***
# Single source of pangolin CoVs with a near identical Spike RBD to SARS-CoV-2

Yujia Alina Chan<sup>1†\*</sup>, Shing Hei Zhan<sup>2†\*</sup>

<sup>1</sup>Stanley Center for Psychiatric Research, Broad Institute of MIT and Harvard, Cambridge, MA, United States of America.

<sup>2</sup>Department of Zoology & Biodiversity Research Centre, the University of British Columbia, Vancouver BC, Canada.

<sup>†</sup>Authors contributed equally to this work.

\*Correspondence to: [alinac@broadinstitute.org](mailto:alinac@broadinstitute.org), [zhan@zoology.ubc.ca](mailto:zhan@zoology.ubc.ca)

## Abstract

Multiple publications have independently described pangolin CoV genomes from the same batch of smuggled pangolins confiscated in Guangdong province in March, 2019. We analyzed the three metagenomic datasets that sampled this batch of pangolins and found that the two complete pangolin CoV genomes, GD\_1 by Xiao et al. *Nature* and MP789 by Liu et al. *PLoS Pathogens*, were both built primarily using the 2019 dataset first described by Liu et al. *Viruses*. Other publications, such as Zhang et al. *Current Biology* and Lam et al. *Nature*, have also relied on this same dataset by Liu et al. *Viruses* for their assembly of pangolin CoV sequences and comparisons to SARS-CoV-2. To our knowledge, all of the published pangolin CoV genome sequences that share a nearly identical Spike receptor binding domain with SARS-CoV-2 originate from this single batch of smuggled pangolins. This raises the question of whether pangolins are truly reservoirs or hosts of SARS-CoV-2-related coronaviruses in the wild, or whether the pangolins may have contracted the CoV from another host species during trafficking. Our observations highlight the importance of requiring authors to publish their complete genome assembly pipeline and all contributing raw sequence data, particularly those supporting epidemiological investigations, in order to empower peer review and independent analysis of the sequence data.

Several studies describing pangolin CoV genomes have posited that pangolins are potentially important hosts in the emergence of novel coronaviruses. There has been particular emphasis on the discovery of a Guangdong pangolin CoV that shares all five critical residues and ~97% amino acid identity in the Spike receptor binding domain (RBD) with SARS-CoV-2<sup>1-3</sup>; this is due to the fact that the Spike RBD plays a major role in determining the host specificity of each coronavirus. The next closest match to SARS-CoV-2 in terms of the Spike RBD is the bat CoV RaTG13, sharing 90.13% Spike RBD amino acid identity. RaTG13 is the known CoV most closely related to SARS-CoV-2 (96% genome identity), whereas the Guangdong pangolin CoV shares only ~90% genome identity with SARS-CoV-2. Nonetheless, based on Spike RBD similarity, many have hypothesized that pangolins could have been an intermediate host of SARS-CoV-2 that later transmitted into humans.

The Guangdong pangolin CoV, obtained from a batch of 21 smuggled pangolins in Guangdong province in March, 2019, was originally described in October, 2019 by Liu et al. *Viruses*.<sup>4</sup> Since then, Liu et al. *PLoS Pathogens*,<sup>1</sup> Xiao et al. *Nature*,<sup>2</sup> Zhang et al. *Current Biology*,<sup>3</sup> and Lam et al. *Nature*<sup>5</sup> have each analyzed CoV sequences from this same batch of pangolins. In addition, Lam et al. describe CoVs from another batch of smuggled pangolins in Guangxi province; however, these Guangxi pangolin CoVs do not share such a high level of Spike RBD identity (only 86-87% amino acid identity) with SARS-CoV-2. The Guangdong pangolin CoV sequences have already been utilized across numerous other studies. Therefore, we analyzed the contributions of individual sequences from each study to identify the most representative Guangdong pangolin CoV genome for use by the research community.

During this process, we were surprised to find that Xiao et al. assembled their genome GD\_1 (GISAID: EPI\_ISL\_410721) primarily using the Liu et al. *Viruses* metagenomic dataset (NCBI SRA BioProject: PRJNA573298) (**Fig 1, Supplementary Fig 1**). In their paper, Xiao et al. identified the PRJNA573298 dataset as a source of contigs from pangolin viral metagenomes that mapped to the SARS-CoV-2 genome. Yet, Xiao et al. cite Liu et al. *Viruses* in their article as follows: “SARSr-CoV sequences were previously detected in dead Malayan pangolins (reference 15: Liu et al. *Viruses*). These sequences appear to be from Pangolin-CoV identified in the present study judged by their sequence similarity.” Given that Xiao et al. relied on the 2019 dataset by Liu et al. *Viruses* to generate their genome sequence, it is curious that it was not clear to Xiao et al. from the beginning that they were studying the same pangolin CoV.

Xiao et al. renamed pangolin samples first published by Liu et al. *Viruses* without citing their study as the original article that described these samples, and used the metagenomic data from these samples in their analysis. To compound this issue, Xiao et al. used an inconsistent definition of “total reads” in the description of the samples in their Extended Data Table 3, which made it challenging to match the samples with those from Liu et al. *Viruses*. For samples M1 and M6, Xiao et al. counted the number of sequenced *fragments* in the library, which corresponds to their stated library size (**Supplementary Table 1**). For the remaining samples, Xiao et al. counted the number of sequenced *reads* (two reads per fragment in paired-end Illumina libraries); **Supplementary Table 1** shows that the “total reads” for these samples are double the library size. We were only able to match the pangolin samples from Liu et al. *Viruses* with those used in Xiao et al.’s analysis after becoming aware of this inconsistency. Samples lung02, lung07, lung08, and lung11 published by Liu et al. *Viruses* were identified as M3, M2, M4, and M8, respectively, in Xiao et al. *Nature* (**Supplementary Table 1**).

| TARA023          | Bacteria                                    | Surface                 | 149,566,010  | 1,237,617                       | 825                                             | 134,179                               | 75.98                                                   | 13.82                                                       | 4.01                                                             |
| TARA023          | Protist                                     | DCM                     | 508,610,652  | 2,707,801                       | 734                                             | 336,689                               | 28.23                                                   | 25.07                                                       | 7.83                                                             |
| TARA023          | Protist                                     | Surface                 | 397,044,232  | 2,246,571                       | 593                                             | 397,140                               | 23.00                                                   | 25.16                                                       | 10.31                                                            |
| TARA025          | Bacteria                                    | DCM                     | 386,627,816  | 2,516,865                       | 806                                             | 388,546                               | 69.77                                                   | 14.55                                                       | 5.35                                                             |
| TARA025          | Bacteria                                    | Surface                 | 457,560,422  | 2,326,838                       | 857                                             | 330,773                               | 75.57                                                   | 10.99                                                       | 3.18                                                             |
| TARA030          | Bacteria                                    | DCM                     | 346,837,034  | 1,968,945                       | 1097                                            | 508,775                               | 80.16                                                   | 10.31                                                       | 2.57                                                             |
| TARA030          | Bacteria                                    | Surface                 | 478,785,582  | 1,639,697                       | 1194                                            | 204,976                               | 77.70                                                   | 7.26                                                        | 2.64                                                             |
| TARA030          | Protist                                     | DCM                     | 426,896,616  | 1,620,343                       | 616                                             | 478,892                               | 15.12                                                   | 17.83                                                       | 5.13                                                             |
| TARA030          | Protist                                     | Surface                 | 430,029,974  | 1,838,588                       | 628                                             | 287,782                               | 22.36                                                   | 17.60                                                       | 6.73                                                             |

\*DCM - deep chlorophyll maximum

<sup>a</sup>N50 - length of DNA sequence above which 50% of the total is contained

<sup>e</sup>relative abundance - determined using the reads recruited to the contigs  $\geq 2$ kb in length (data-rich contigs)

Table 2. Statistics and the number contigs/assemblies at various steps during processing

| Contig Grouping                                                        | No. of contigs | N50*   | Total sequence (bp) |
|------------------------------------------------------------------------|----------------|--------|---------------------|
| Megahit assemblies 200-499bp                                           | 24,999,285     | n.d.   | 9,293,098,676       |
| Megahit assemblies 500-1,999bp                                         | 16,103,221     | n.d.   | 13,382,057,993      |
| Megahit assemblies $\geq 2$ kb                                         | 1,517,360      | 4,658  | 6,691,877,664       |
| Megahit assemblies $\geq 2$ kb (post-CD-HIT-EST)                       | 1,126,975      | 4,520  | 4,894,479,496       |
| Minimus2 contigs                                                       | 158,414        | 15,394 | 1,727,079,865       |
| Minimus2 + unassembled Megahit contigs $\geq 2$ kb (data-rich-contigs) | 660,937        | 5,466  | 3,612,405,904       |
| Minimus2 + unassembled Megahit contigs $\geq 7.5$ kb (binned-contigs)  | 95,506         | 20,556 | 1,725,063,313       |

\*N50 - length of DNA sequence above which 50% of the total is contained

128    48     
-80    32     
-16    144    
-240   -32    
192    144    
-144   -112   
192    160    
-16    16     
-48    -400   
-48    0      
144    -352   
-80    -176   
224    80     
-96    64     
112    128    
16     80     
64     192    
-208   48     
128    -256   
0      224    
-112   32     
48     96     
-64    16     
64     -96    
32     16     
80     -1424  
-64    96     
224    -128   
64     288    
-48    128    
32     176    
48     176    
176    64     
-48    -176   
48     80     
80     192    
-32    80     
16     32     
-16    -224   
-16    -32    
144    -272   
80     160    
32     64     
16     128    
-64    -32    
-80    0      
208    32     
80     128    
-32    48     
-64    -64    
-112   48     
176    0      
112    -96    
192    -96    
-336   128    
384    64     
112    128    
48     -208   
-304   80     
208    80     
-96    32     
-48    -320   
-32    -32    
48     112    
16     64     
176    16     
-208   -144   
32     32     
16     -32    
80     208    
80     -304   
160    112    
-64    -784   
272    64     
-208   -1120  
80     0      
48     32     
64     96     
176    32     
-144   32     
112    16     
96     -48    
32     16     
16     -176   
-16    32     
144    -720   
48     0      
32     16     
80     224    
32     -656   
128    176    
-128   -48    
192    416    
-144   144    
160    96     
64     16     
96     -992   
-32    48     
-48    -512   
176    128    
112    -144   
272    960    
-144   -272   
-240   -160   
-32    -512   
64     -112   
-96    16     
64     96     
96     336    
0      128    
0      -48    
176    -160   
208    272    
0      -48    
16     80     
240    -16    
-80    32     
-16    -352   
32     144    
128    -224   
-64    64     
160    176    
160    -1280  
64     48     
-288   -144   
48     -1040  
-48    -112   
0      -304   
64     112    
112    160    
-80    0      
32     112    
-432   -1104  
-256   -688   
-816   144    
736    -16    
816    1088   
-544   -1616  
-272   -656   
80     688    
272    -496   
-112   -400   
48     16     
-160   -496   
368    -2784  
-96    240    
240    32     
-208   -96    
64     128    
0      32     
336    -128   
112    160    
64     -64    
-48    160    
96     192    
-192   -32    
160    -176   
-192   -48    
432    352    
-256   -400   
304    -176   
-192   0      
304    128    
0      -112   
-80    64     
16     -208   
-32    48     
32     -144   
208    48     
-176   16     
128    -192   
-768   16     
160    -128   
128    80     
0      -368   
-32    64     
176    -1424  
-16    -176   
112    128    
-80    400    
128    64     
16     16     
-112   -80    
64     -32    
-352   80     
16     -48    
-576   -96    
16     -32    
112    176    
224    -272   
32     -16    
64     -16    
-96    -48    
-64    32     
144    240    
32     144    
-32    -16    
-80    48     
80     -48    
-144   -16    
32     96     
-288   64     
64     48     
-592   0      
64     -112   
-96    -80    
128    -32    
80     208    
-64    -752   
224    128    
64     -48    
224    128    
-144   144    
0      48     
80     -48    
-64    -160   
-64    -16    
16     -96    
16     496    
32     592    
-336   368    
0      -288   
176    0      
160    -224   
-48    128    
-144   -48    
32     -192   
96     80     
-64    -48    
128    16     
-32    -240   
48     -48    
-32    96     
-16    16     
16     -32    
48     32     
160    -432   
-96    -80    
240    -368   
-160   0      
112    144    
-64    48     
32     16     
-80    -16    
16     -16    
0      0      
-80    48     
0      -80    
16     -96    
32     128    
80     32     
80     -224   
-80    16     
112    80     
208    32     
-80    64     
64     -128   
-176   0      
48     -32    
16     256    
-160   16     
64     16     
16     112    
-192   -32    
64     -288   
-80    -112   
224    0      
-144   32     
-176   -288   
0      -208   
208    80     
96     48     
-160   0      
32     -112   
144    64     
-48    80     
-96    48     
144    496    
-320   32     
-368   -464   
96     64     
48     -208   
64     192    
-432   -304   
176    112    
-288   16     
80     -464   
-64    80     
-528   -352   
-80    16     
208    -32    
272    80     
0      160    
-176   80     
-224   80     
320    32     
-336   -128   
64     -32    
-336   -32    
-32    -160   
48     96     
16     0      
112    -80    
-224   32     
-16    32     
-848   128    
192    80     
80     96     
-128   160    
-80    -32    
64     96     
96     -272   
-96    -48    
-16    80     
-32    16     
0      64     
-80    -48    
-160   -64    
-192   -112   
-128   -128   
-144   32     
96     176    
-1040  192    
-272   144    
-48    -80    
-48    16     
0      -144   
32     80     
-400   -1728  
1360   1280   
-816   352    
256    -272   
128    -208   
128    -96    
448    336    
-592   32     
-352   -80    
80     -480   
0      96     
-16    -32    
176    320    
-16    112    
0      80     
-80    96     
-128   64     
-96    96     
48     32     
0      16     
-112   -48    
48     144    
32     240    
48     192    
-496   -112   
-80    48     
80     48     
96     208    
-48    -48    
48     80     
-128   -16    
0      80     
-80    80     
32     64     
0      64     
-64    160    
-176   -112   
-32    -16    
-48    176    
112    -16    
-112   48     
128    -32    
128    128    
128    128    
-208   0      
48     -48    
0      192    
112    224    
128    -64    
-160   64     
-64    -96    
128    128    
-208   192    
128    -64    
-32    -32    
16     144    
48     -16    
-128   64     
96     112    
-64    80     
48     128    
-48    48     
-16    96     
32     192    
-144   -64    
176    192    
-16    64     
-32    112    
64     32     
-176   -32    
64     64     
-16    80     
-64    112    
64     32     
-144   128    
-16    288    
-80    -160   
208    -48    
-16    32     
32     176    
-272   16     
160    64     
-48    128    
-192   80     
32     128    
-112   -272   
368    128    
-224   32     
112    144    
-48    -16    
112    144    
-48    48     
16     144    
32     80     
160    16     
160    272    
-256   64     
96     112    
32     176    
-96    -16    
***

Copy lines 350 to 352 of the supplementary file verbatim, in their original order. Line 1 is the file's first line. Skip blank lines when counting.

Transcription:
-32    16     
0      64     
-80    -48    